A mosquito-borne virus discovered over a half century ago has been found in humans for the first time ever, likely having caused a case of severe rash and fever in a Florida teenager in 2016. But despite the recent reveal, it’s likely the germ has been making people sick for quite some time.
Summer days mean a few things, including beaches, ice cream, and mosquitoes. Unfortunately, the mosquito part came a bit early for folks in the Voronezh region of southwest Russia.
A new report out Tuesday by the Centers for Disease Control and Prevention highlights a scary reality: Diseases spread by six- and eight-legged bugs are becoming more common. And worse than that, health officials across the country seem woefully incapable of dealing with them.
Animals fatally maul, sting, trample, and chew about a million humans per year. Pretty nice of them, given the numbers on our side—the average of 750 million chickens we kill in the U.S. every month, for instance. In an ideal world, no one would ever get mauled by a bear, or contract rabies from a feral squirrel. But…
It wasn’t too long ago that the emergence of the little-understood Zika virus in South and Central America led the US to recommend pregnant women avoid traveling to areas where it was spreading (a warning that remains in place). But it’s actually a familiar mosquito-borne disease that’s now prompting a much wider…
Genetic engineering, researchers hope, will fight disease both by altering the genes of people and by changing the genes of critters known to pass diseases on to us.
Attempts to kill a mosquito aren’t always met with success—these annoying bloodsuckers seem preternaturally good at evading hand swats. Surprising new research suggests mosquitos learn from these near-death experiences, staying clear of a particular odor they’ve learned to associate with the perpetrator.
Diamondback moths may be a mere half-inch in length, but their voracious appetite for Brussels sprouts, kale and cauliflower make them a major pain for farmers. This week, the U.S. Department of Agriculture approved a potential solution: moths genetically engineered to contain a special gene that makes them gradually…
Over the past few years, people have been freaking out about a plan to release genetically modified mosquitoes in the Florida Keys, concerned that in addition to combatting the spread of Zika virus and other mosquito-borne illnesses the mosquitoes would usher in some sort of sci-fi catastrophe. Now, the British…
Researchers at Vanderbilt University have found a secondary set of odor sensors on female malarial mosquitoes that appear to be specifically tuned to sniff out humans. While admittedly disturbing, the discovery could lead to new ways of combating malarial mosquitoes and the dreaded disease they carry.
To prevent Zika-infected mosquitoes from taking root in South Carolina, officials in Dorchester County gave the go-ahead to spray a powerful insecticide over the countryside. The effort resulted in the unexpected deaths of millions of bees at a time when these critical pollinators are struggling worldwide.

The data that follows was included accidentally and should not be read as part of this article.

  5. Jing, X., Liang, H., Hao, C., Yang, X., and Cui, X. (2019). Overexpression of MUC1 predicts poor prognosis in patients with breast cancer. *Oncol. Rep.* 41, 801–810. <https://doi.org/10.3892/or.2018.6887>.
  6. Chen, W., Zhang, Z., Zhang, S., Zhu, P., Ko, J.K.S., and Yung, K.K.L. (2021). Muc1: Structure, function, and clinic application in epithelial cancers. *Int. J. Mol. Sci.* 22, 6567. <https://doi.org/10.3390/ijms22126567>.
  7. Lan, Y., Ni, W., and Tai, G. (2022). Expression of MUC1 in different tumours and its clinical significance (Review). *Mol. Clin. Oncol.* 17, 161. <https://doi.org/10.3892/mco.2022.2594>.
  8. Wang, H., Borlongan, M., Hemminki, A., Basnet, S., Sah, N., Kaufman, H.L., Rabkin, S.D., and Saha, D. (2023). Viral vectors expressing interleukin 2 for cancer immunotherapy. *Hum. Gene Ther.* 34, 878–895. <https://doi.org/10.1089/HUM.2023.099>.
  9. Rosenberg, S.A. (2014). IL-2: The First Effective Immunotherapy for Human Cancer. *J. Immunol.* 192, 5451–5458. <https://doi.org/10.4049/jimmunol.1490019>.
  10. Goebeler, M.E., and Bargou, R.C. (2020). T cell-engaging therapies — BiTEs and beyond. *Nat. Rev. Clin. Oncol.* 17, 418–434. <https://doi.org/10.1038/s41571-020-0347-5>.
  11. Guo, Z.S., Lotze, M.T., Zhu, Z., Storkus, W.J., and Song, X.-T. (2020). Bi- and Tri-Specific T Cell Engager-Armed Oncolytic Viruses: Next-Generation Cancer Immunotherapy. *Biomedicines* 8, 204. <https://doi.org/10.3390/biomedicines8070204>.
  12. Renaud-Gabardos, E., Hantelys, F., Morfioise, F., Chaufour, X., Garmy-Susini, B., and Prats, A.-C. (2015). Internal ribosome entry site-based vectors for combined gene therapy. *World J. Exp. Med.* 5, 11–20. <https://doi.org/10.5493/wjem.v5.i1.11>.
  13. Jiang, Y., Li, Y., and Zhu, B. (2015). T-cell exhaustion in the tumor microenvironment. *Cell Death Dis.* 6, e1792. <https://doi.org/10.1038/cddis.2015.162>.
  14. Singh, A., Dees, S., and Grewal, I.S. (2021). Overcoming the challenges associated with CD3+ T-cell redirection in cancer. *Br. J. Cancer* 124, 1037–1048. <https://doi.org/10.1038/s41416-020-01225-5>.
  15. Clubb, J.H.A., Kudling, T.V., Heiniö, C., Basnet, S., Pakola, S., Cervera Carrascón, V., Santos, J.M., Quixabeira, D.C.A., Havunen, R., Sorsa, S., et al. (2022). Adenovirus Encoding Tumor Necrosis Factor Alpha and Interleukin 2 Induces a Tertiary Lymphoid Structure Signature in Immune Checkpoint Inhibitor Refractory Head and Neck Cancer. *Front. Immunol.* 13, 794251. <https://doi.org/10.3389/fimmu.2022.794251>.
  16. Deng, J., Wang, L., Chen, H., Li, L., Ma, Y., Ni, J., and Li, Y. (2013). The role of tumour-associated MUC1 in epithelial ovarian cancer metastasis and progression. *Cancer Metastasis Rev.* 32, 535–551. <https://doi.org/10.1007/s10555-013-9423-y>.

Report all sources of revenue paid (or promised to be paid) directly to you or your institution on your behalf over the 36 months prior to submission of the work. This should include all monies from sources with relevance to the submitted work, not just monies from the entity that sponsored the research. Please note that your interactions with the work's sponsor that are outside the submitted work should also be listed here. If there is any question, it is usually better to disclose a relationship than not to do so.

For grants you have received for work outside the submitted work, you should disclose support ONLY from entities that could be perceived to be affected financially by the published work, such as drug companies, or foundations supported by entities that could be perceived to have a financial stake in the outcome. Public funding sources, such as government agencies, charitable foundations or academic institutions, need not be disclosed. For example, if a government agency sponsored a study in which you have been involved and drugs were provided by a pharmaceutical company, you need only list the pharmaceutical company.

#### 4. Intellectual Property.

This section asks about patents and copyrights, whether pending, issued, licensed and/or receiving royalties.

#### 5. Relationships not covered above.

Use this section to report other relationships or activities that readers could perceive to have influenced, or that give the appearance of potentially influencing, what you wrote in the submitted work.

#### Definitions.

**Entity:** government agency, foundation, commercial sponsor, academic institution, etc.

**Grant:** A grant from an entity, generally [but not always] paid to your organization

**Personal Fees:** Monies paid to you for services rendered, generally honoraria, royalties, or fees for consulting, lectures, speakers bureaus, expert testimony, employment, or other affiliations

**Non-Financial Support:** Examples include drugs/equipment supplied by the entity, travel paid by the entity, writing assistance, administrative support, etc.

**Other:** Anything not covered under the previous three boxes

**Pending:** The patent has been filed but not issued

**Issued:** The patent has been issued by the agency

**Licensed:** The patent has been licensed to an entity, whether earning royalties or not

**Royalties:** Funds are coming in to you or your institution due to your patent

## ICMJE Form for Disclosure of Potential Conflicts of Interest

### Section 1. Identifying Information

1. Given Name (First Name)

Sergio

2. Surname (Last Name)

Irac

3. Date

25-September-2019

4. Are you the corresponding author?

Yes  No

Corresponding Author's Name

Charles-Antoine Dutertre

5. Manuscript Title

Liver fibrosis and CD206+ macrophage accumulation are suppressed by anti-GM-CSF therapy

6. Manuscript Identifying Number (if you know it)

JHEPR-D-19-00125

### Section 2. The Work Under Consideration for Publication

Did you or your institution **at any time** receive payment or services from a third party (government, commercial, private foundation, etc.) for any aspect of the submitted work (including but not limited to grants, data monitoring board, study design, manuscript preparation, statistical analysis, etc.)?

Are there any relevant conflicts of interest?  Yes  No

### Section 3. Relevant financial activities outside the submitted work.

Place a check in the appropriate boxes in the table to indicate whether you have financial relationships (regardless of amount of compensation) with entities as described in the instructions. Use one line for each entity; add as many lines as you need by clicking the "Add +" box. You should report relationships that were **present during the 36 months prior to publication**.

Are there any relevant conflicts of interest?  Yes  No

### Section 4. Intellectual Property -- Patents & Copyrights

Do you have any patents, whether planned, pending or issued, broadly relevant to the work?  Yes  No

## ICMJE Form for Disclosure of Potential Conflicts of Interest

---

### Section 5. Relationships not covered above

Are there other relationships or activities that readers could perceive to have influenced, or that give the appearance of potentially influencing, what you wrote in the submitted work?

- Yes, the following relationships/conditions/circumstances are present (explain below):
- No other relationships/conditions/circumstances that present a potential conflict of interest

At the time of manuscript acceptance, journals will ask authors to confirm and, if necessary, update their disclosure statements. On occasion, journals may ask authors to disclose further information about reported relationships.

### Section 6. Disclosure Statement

At a dramatic press conference held earlier today, Governor Rick Scott said Florida is the first state in the US to see locally transmitted Zika virus. The evidence is circumstantial at best, but officials aren’t taking any chances.
Mosquitoes love to breed inside discarded car tires. So why not use this against them? Such is the thinking of Canadian researchers who have developed a DIY mosquito trap that’s already proving its worth in field tests.
The state of Florida is currently considering the use of genetically modified mosquitoes to thwart the transmission of diseases like Zika and dengue. The FDA now says these mutated mosquitoes are safe, taking Florida a significant step closer to an actual field trial.
Zika is now a global emergency, and the latest in a long string of mosquito-borne viruses to afflict humanity. Mosquitoes truly suck, and the time has come to do something about them. Here’s how science will help—and why a war on mosquitoes doesn’t mean we have to wipe them off the face of the planet.
A group of scientists wanted to find the most effective mosquito repellents. So they tested 10 different substances, including campout standbys like DEET, as well as a random choice: Victoria’s Secret perfume Bombshell. Turns out the perfume is almost as good as DEET.
It’s not always easy to find a way to help. Nearly every action has good and bad consequences—as people who mowed down non-native plants in mosquito basins found out. By clearing the plants, they helped increase the risk of spreading West Nile Virus. Find out how.
Self-destructing mosquitoes are maybe possibly my favorite invention of the century. Okay, smartphones and Spotify are pretty great, too, but having just spent a couple of weeks in bug-infested New England, I might be a taaaad biased.
An international team of scientists have isolated a gene within the Aedes aegypti mosquito that partially transforms females into males. Since only females spread diseases by feasting on human blood, the discovery could lead to powerful population control strategies.